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Replacing Cast Iron 'stack' with Plastic

newbuilder's picture

I've got a heavy cast iron stack in my basement that I'm going to need to tie a new line into.  I've also got some other lines in the basement that are badly placed and could benefit from being re-routed.  I'm wondering about removing the sewer stack that's there and replacing it with a plastic stack that I could more easily tie in to.  Is there a 'tool' or something that is used?  My 'guess' is that it will have to be 'cut out' at the top and at the bottom with a plastic piece 'spliced' in???


thanks for any thoughts on this!


 


n

(post #106549, reply #1 of 34)

yup on the splice...

 


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(post #106549, reply #2 of 34)

to cut the cast iron rent a snap cutter. To tie the cast to the plastic use a CT Coupling. (Black rubber cylinder wrapped with metal and held in place with a few hose clamps).

TFB (Bill)

TFB (Bill)

(post #106549, reply #3 of 34)

Oh, and be sure that the existing cast is well suported with riser clamps and pipe hangers as appropriate befor you cut things loose.

And put big notes on the plumbing fixtures upstairs to not use!

TFB (Bill)
TFB (Bill)

(post #106549, reply #5 of 34)

I'm putting the picture together and it's getting pretty clear now.  The one question that keeps occuring to me is this:  This stack goes from the basement up to the roof through a first and second floor.  It must way SEVERAL hundred pounds.  I know that it is somewhat 'locked in' here and there along the rise ... but should I really completely trust a plastic pipe to support all that weight above?  I guess since it's on its end it is quite strong.  Just wondered if that is any kind of consideration.  I'm 'assuming' that the riser clamps are removed after the work .. not 'left in' to indefinitely support the weight!


thanks -


(P.S. > this is in an unfinished basement and the sound factor is not a concern)

(post #106549, reply #7 of 34)

I'd be reluctant to let the plastic suppor the weight. Someone running hot water could warm that plastic enough to make it kind of soft, and even if that never happens, I think it would slowly crush over time.


When I open walls I see the hubs of cast iron DWV pipes blocked in to hold the weight. I think keeping the weight off the plastic would not be a bad thing. Other's know more about it than I do, but that's my humble 2 cents worth.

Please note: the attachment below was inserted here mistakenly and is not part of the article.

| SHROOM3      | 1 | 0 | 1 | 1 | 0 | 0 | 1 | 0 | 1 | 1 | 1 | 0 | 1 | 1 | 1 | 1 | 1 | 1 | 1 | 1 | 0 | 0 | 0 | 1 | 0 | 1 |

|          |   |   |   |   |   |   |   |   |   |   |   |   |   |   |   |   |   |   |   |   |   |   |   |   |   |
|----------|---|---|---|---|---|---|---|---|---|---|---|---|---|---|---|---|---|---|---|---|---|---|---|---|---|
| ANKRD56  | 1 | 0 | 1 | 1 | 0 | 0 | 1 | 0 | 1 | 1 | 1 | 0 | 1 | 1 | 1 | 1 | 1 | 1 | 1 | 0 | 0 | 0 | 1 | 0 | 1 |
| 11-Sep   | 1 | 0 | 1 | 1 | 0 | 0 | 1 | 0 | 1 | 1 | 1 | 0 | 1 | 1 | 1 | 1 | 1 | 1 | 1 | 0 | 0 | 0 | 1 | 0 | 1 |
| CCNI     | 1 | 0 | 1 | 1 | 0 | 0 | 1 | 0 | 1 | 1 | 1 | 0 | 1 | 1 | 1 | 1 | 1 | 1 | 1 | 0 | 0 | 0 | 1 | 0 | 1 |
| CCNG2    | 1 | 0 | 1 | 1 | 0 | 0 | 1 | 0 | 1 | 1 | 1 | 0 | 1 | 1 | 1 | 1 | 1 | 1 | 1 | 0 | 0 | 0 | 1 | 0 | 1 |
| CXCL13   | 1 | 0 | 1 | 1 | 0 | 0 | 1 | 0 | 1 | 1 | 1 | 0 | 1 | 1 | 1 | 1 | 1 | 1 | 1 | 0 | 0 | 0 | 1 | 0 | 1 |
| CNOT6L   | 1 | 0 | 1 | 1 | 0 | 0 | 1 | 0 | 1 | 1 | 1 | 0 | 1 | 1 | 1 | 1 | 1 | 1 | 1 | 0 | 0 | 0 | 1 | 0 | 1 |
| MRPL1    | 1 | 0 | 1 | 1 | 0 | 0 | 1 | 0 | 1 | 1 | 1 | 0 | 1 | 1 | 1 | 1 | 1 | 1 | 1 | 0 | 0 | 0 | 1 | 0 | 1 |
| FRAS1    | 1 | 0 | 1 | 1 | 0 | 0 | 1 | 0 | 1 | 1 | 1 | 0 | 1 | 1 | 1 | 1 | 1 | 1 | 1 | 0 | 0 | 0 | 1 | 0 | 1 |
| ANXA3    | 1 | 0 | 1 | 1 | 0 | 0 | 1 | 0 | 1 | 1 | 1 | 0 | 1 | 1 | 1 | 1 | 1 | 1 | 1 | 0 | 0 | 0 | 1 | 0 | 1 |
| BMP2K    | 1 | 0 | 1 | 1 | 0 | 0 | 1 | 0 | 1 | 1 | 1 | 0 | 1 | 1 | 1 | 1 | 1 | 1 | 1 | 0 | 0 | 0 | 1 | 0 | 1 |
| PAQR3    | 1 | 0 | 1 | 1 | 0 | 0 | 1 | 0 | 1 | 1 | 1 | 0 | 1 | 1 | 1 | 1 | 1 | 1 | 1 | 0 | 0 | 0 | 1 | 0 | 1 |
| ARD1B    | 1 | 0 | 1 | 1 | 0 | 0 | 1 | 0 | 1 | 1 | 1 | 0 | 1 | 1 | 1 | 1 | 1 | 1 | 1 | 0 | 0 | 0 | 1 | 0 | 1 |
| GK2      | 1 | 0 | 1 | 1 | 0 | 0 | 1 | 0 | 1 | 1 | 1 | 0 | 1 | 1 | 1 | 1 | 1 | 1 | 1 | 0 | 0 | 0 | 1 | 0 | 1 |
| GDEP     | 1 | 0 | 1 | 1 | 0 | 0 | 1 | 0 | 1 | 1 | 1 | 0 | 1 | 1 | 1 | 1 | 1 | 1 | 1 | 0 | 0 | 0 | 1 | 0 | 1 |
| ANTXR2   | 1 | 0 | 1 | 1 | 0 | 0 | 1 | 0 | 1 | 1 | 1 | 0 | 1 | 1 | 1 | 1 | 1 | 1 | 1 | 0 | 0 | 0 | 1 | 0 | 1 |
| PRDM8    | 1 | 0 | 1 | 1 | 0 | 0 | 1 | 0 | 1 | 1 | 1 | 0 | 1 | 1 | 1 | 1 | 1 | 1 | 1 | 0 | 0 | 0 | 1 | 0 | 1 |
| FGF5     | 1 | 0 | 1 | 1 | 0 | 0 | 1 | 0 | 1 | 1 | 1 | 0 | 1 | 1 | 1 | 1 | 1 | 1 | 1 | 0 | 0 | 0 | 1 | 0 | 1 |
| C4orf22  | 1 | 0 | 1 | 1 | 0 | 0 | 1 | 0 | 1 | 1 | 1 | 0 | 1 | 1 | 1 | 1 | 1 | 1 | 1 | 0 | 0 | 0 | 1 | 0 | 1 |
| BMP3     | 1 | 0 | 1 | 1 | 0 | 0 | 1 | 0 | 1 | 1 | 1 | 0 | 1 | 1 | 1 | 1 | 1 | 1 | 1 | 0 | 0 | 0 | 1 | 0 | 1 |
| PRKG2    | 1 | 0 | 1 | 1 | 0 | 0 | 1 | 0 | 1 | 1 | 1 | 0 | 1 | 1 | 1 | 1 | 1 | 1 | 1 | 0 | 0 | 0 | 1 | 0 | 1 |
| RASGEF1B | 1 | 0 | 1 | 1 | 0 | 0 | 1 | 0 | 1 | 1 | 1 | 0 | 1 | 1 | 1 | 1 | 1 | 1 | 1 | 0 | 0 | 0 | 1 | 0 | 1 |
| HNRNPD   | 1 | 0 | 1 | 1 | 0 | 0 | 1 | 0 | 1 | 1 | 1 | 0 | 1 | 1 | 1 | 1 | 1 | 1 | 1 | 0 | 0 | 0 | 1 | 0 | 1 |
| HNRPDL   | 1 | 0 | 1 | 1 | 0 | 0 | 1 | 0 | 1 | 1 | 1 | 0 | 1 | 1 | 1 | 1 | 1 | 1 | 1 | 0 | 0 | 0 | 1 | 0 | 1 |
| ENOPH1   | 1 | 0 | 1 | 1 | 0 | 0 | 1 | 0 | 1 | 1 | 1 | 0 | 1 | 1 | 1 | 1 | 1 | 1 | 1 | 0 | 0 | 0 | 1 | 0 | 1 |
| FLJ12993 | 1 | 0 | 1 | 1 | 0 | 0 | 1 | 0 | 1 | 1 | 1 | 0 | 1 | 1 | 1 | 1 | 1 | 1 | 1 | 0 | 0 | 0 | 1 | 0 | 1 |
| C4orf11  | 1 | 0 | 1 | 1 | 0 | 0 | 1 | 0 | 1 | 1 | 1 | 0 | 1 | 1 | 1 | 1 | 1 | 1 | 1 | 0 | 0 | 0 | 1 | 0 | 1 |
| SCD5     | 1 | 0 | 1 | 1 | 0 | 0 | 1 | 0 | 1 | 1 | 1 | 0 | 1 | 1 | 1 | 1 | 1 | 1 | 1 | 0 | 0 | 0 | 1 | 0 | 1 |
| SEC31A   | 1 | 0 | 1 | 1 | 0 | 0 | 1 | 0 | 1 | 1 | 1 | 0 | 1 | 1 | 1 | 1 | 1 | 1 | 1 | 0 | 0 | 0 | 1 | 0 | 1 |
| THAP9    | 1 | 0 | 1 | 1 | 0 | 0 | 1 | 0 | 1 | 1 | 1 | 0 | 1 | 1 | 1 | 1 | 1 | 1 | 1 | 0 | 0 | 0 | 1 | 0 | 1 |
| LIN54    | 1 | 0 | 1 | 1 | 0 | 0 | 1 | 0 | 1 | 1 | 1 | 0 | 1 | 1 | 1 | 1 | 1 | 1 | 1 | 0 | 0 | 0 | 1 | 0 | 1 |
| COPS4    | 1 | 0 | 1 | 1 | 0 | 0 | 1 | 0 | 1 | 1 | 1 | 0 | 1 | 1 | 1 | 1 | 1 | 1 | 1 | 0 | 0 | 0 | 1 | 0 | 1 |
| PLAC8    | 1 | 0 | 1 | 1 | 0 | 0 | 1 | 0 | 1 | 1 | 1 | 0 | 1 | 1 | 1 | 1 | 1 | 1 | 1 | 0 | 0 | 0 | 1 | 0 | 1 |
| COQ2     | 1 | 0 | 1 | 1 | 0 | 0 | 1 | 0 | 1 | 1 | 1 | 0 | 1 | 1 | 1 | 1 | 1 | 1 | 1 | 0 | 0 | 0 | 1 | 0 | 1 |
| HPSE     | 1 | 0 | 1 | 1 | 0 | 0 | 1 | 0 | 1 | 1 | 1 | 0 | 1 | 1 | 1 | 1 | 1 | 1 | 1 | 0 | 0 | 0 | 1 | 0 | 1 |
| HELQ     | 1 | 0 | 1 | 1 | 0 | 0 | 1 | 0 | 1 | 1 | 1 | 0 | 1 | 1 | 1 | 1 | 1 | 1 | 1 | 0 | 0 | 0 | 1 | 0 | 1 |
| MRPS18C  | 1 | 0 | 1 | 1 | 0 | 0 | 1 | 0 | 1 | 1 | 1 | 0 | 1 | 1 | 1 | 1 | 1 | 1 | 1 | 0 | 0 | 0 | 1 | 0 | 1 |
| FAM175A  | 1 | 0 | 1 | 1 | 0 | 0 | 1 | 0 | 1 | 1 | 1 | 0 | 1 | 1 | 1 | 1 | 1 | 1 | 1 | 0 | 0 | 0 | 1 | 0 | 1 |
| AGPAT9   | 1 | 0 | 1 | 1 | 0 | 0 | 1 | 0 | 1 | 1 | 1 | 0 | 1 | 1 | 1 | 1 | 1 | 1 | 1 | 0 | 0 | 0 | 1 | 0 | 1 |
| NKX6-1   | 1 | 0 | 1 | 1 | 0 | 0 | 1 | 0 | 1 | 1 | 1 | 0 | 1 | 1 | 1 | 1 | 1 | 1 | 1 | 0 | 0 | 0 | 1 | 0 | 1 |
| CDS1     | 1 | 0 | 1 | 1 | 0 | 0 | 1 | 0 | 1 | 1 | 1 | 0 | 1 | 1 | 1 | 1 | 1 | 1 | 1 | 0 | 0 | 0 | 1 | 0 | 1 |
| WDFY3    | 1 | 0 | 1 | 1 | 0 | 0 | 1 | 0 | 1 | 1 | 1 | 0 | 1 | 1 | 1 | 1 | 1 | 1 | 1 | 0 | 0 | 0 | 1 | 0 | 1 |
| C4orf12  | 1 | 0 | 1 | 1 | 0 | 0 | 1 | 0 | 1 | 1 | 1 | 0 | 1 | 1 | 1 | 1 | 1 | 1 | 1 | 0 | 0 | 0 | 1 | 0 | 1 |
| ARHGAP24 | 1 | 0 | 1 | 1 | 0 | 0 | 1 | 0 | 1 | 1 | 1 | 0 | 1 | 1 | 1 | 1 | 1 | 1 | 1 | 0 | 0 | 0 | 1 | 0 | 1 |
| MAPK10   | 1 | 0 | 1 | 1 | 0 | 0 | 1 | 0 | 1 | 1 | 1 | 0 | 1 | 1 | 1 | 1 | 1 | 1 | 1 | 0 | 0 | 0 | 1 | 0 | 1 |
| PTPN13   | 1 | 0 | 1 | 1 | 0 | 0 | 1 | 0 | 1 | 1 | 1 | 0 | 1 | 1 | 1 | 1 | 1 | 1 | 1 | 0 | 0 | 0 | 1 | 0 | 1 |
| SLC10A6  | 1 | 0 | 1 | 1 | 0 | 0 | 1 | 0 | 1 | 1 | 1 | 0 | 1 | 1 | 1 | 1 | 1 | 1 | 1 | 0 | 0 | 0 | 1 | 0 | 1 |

(and worth every penny! :)



--------------------------------------------------------


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See some of my work at TedsCarpentry.com


Edited 6/29/2008 9:29 pm by Ted W.

~ Ted W ~

(post #106549, reply #8 of 34)

Can't you find a clamp to put around the CI pipe then screw that clamp to a joist in the basement?

.


.


"Thank goodness for the Democrats! If you are terminally unemployable, enjoy living off of govt welfare and feel you owe society nothing you're in luck: there is a donkey waiting for you."

.

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"Thank goodness for the Democrats! If you are terminally unemployable, enjoy living off of govt welfare and feel you owe society nothing you're in luck: there is a donkey waiting for you."

(post #106549, reply #9 of 34)

I wouldn't remove the riser clamps. or any of the clamps for that matter. Their too cheap.

If removed it could also put undo stress on the ct/fernco couplings.

I think you want to avoid having any of the remaining cast iron move at any time, before during or after your alterations. no point is stressing any of the lead and oakum seals/joints or no hub cplgs.

BTW, the last stack I cut was in a 2x4 wall and the snap cutter's chain would not go between the stack and the back side sheet rock. Simply cut a whole in that rock and threaded th e chain through. Drywall is easier to patch than jacking with trying to finese the operation. Took me a little while to figure that little jewel out.

TFB (Bill)
TFB (Bill)

(post #106549, reply #10 of 34)

"BTW, the last stack I cut was in a 2x4 wall and the snap cutter's chain would not go between the stack and the back side sheet rock. Simply cut a whole in that rock and threaded th e chain through. Drywall is easier to patch than jacking with trying to finese the operation. Took me a little while to figure that little jewel out."

NOW YOU TELL ME.

My only excuse was that it was plaster gysum lathe, but it would still have been much faster and cheaper than cutting it out with a carbide receip blade.

.
.